Sheltering migrant youth looked like a steady revenue stream for the private defense company Caliburn just a few months ago. The private-equity backed firm operated the Homestead temporary influx shelter, the nation’s largest for-profit shelter, in Florida, pulling in nearly $400 million since March 2018, based on Forbes’ estimates. But now that business has been shut down, as the federal government confirmed on Monday morning that all migrant children have been removed from the facility.
“[T]oday, we are announcing that all [unaccompanied children] sheltered in the Homestead facility have either been reunified with an appropriate sponsor or transferred to a state-licensed facility within the [federal] network of care providers as of August 3, 2019,” said Evelyn Stauffer, a spokesperson with the Administration for Children and Families, in a statement on Monday. In June, there were 2,550 unaccompanied minors at Homestead, according to Forbes’ reporting, but that number fell rapidly to 990 by July 22. In the 18 months that it remained open, the Homestead temporary shelter housed 14,300 unaccompanied minors.
“No child should be detained ever again, let alone in large-scale, highly restricted settings like Homestead for prolonged periods of time. These temporary emergency facilities are never a home for children,” Amnesty International said in a statement on Saturday. Caliburn has not responded to a request for comment.
While the children have been removed from the premises, the Department of Health and Human Services said it will still make the Homestead facility available in the event of an emergency situation. According to the latest statement, HHS plans to retain the Homestead facility but reduce its capacity from 2,700 beds to 1,200. In April, the capacity at Homestead was increased to 3,200 beds, but then was reduced to 2,700 in response to a decrease in the number of migrant children in federal custody. In anticipation of accommodating more migrant children, the federal government opened a second temporary shelter in Carrizo Springs in July but shut it down in less than a month, citing a drop in migration.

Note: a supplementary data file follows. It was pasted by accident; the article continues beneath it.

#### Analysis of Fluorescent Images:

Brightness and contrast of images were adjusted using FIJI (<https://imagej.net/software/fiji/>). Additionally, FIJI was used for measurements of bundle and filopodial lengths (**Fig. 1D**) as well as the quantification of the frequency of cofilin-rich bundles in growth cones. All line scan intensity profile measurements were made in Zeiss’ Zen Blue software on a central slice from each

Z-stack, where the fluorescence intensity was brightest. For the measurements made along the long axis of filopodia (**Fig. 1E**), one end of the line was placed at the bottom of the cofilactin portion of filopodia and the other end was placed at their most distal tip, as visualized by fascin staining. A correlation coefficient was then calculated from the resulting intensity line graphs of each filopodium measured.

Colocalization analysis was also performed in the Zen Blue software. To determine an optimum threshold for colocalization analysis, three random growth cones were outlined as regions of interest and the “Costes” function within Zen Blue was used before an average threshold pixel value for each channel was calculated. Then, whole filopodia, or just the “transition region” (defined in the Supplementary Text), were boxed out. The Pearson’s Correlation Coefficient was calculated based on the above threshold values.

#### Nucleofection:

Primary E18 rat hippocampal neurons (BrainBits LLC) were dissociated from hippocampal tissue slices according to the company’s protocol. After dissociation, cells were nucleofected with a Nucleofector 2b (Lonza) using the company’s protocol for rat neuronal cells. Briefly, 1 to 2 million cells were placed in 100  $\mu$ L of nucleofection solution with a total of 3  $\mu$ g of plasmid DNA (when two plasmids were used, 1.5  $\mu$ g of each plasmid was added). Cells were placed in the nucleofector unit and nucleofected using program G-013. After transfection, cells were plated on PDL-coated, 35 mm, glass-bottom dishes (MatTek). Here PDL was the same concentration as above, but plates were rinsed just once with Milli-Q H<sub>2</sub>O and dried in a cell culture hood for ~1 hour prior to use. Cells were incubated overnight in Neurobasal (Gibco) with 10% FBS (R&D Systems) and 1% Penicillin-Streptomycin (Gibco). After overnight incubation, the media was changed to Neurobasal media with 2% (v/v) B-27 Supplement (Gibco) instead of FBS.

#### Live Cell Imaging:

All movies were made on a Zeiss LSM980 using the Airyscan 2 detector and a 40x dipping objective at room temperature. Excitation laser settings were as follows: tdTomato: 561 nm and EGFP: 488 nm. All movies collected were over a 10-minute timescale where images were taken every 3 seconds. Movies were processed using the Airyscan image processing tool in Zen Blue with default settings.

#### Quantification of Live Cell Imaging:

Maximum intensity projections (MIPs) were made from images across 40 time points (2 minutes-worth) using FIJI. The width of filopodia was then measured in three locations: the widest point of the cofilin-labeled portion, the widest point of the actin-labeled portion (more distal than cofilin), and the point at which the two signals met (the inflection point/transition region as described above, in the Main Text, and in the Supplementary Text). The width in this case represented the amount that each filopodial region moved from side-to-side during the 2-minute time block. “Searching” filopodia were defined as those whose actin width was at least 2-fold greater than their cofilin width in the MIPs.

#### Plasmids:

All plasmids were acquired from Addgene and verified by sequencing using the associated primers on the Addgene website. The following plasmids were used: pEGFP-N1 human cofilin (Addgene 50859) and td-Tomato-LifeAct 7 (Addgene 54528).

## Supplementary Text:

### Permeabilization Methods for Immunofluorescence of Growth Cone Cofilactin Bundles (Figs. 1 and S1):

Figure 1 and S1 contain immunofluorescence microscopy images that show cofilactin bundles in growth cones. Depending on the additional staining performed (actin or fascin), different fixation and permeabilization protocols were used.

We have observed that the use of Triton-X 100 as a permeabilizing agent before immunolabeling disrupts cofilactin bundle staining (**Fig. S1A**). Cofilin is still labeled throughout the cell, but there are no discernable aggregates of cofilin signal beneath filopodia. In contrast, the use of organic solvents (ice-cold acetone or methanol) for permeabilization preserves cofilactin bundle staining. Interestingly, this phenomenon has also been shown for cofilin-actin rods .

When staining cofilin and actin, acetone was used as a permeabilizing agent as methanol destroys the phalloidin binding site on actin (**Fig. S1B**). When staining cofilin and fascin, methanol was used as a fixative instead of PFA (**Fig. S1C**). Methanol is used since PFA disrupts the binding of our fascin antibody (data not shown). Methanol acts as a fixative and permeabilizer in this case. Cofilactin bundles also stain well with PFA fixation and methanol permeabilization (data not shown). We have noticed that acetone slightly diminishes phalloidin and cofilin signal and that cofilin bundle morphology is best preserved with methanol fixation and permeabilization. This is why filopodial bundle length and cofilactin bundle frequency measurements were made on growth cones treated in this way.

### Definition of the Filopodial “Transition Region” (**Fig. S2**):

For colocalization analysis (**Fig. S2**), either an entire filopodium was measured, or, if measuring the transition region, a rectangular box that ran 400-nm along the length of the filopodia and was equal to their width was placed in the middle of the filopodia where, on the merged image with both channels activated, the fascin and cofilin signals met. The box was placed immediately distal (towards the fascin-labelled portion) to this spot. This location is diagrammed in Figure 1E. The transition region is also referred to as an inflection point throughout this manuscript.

“The number of referrals is unpredictable,” the Department of Health and Human Services stated on its “fact sheet” for the Homestead facility, dated July 22. “Because of the large fluctuations in arrival numbers throughout the year, [the Office of Refugee Resettlement] maintains a mix of ‘standard’ beds that are available year-round, and ‘temporary’ beds that can be added or reduced as needed.”
The Homestead facility had become a political target this year, attracting protestors from all over the country who picketed outside the facility and demanded that the government reunite the kids with their relatives. In June, a dozen Democratic presidential candidates visited the shelter and questioned the morality of detaining children right after General John Kelly, President Trump’s former chief of staff, joined the board of directors of Caliburn. A month later, a report by Amnesty International called for closing the facility, arguing that children’s rights were being violated.
“Private facilities that house [unaccompanied minors], including our Homestead Facility, have been the subject of protests and negative media attention which could escalate in the future,” Caliburn stated in a private offering memorandum in April. According to the Financial Times, the company has been trying to privately sell a majority stake after pulling its public offering last March.
“[If] political pressure, lawsuits, or other actions cause HHS to close our Homestead Facility and potentially prevent us from operating such facilities, our business results, operations, and growth would be adversely affected,” the April memorandum said.